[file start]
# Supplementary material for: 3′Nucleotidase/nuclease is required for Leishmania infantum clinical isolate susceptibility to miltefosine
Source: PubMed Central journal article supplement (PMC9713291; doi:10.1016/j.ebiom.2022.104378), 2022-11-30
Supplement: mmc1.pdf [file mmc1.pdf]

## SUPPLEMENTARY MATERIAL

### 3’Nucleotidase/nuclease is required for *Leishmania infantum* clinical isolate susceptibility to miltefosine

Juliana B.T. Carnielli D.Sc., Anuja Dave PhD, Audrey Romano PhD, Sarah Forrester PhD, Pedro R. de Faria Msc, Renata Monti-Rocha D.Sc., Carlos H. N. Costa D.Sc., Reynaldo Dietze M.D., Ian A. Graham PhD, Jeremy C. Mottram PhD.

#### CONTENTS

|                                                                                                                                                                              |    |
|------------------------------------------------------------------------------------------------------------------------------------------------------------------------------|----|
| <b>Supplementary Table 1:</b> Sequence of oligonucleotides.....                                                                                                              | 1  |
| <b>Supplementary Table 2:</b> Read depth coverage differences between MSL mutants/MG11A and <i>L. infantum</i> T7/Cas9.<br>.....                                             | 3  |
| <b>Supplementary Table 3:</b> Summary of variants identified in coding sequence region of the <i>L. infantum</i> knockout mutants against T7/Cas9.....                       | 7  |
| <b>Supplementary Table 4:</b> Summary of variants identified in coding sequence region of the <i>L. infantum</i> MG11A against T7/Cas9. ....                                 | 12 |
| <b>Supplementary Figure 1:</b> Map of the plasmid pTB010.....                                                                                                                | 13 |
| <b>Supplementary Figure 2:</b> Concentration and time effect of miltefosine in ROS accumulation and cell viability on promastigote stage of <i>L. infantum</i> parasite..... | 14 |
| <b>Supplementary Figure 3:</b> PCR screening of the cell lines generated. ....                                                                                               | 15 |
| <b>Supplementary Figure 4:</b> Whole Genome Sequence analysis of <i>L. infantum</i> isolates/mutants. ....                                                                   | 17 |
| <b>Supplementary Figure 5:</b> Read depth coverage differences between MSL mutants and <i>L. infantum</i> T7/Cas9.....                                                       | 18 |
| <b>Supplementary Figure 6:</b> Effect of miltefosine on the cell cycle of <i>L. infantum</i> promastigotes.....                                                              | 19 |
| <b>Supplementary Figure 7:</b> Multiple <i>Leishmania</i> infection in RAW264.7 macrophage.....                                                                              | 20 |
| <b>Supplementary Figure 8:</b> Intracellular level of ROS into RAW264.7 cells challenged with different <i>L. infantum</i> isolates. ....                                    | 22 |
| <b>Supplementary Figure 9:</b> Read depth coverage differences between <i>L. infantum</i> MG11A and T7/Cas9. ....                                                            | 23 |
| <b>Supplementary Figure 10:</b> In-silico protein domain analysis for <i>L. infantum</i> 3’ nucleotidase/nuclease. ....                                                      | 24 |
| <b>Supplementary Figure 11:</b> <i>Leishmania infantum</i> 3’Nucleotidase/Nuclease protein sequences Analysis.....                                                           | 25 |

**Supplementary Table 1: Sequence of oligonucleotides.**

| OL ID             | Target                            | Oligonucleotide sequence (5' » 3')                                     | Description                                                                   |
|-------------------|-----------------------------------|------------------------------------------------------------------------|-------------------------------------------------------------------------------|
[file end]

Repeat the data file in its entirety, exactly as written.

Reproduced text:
# Supplementary material for: 3′Nucleotidase/nuclease is required for Leishmania infantum clinical isolate susceptibility to miltefosine
Source: PubMed Central journal article supplement (PMC9713291; doi:10.1016/j.ebiom.2022.104378), 2022-11-30
Supplement: mmc1.pdf [file mmc1.pdf]

## SUPPLEMENTARY MATERIAL

### 3’Nucleotidase/nuclease is required for *Leishmania infantum* clinical isolate susceptibility to miltefosine

Juliana B.T. Carnielli D.Sc., Anuja Dave PhD, Audrey Romano PhD, Sarah Forrester PhD, Pedro R. de Faria Msc, Renata Monti-Rocha D.Sc., Carlos H. N. Costa D.Sc., Reynaldo Dietze M.D., Ian A. Graham PhD, Jeremy C. Mottram PhD.

#### CONTENTS

|                                                                                                                                                                              |    |
|------------------------------------------------------------------------------------------------------------------------------------------------------------------------------|----|
| <b>Supplementary Table 1:</b> Sequence of oligonucleotides.....                                                                                                              | 1  |
| <b>Supplementary Table 2:</b> Read depth coverage differences between MSL mutants/MG11A and <i>L. infantum</i> T7/Cas9.<br>.....                                             | 3  |
| <b>Supplementary Table 3:</b> Summary of variants identified in coding sequence region of the <i>L. infantum</i> knockout mutants against T7/Cas9.....                       | 7  |
| <b>Supplementary Table 4:</b> Summary of variants identified in coding sequence region of the <i>L. infantum</i> MG11A against T7/Cas9. ....                                 | 12 |
| <b>Supplementary Figure 1:</b> Map of the plasmid pTB010.....                                                                                                                | 13 |
| <b>Supplementary Figure 2:</b> Concentration and time effect of miltefosine in ROS accumulation and cell viability on promastigote stage of <i>L. infantum</i> parasite..... | 14 |
| <b>Supplementary Figure 3:</b> PCR screening of the cell lines generated. ....                                                                                               | 15 |
| <b>Supplementary Figure 4:</b> Whole Genome Sequence analysis of <i>L. infantum</i> isolates/mutants. ....                                                                   | 17 |
| <b>Supplementary Figure 5:</b> Read depth coverage differences between MSL mutants and <i>L. infantum</i> T7/Cas9.....                                                       | 18 |
| <b>Supplementary Figure 6:</b> Effect of miltefosine on the cell cycle of <i>L. infantum</i> promastigotes.....                                                              | 19 |
| <b>Supplementary Figure 7:</b> Multiple <i>Leishmania</i> infection in RAW264.7 macrophage.....                                                                              | 20 |
| <b>Supplementary Figure 8:</b> Intracellular level of ROS into RAW264.7 cells challenged with different <i>L. infantum</i> isolates. ....                                    | 22 |
| <b>Supplementary Figure 9:</b> Read depth coverage differences between <i>L. infantum</i> MG11A and T7/Cas9. ....                                                            | 23 |
| <b>Supplementary Figure 10:</b> In-silico protein domain analysis for <i>L. infantum</i> 3’ nucleotidase/nuclease. ....                                                      | 24 |
| <b>Supplementary Figure 11:</b> <i>Leishmania infantum</i> 3’Nucleotidase/Nuclease protein sequences Analysis.....                                                           | 25 |

**Supplementary Table 1: Sequence of oligonucleotides.**

| OL ID             | Target                            | Oligonucleotide sequence (5' » 3')                                     | Description                                                                   |
|-------------------|-----------------------------------|------------------------------------------------------------------------|-------------------------------------------------------------------------------|